Just as we celebrated the New Year in snow-style in this part of the world, it’s a real treat to end the month with our familiar landscape again transformed into a silvery, shimmering wonderland.
True, it wasn’t so great for those who had to survive the ungritted roads earlier, but there’s something about pristine snow that, doesn’t just brighten up the landscape, but also seems to lighten the mood.
Children smiled this morning as they slid along the pavements and, although there wasn’t quite enough to force the buses off the roads and gift them an extra day’s holiday, it is uplifting to see kids actually experiencing snow. After an unsettlingly mild winter last year, the last month has seen the most snow around here in three years.
Hurrah: normal winter weather, essential to keep our ecosystems in correct working order and a welcome respite from the interminable months of wet, wet, wet, whatever the season, says me. Less selfishly, one of the few highlights from the end of my teaching career was witnessing 14 and 15 year old pupils gaze in wonder at the first sizeable amount of snow they had ever witnessed in their lives, in the early months of 2010.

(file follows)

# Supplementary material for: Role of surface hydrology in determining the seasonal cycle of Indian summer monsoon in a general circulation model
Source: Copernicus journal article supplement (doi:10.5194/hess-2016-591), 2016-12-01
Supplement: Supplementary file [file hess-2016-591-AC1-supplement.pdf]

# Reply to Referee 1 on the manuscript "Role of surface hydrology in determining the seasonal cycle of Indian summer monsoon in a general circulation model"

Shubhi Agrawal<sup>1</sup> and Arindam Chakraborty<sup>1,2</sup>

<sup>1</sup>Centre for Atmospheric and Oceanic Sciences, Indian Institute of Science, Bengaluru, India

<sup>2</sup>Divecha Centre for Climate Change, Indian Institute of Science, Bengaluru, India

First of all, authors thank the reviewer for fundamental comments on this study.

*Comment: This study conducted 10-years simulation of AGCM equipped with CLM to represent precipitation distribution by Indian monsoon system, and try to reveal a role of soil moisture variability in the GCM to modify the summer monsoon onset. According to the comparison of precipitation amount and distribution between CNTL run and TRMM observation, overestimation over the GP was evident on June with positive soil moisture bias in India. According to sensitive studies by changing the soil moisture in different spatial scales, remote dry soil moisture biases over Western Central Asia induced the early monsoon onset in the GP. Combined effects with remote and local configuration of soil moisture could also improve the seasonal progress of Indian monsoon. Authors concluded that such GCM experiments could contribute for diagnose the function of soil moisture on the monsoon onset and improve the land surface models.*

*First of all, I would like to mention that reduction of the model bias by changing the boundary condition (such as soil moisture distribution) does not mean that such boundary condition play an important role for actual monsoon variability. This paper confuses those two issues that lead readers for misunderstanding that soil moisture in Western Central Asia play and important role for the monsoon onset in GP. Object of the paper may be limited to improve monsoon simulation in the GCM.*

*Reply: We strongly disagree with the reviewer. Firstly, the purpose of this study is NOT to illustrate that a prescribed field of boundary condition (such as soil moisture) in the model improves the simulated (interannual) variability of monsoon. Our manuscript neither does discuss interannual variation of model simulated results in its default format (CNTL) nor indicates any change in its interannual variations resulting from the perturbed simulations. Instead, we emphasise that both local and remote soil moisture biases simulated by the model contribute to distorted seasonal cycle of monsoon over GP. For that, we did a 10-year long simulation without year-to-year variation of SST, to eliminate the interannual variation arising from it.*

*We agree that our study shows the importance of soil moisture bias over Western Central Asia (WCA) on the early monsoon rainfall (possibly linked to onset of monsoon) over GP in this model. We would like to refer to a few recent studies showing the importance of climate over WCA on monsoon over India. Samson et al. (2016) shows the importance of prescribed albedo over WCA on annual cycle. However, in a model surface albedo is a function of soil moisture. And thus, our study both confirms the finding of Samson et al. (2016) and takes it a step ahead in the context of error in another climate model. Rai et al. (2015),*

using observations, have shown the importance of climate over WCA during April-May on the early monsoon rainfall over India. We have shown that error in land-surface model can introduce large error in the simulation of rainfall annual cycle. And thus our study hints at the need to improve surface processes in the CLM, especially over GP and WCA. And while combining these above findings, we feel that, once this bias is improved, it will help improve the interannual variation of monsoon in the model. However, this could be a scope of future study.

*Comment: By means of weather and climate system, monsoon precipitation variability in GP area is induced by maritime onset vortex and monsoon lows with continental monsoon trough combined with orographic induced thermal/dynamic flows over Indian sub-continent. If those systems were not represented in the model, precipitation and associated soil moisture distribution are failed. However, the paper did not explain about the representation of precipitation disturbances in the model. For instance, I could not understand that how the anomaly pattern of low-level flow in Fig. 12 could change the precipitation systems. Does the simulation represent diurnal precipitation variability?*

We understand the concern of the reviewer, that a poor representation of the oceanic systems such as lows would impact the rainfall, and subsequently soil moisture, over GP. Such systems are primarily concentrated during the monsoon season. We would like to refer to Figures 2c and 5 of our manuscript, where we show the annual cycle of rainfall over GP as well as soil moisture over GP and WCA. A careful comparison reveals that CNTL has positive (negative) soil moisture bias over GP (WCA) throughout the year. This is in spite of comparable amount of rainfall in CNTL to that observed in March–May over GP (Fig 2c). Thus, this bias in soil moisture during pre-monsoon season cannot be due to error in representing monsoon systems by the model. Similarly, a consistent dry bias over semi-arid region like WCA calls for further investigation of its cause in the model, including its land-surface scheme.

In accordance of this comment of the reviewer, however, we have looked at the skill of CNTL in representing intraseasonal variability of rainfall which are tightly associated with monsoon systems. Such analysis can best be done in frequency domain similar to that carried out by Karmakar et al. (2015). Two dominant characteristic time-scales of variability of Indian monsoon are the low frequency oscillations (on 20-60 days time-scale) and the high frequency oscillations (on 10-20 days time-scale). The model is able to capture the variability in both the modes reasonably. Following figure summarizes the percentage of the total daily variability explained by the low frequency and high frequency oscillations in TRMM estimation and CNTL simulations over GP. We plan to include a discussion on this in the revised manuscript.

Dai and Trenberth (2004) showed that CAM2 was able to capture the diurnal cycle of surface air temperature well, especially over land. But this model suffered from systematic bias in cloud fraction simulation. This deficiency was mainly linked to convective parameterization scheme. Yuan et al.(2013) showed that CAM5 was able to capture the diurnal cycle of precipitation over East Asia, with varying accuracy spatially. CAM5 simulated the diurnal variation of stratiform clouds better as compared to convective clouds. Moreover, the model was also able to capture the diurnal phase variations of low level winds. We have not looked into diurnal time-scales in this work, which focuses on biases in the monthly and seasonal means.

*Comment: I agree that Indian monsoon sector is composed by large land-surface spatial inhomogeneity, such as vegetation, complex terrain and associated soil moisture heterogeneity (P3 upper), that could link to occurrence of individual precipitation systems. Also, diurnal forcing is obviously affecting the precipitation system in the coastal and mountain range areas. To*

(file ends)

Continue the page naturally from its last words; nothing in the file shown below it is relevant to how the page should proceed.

Of course, slippery, icy roads are no fun for the elderly and infirm, but hopefully winter conditions do remind us to check on any vulnerable friends and neighbours. Equally, freezing temperatures take their toll on wildlife. But, keep the bird feeders full and you will be rewarded by a variety of garden birds, survival instincts outweighing their natural reticence, hungrily scoffing within a few metres of your window.
I’m not sure what’s in store, weather-wise, for the remainder of the winter, but in what may well be the last couple of months I spend in Middle England, I fully intend to savour the snowscapes as long as they last and record for posterity. I will look back on the blue tits feeding on the silvery branches of the budding magnolia with as much affection as I will remember the earthy geraniums and burgeoning Buddleia of high summer.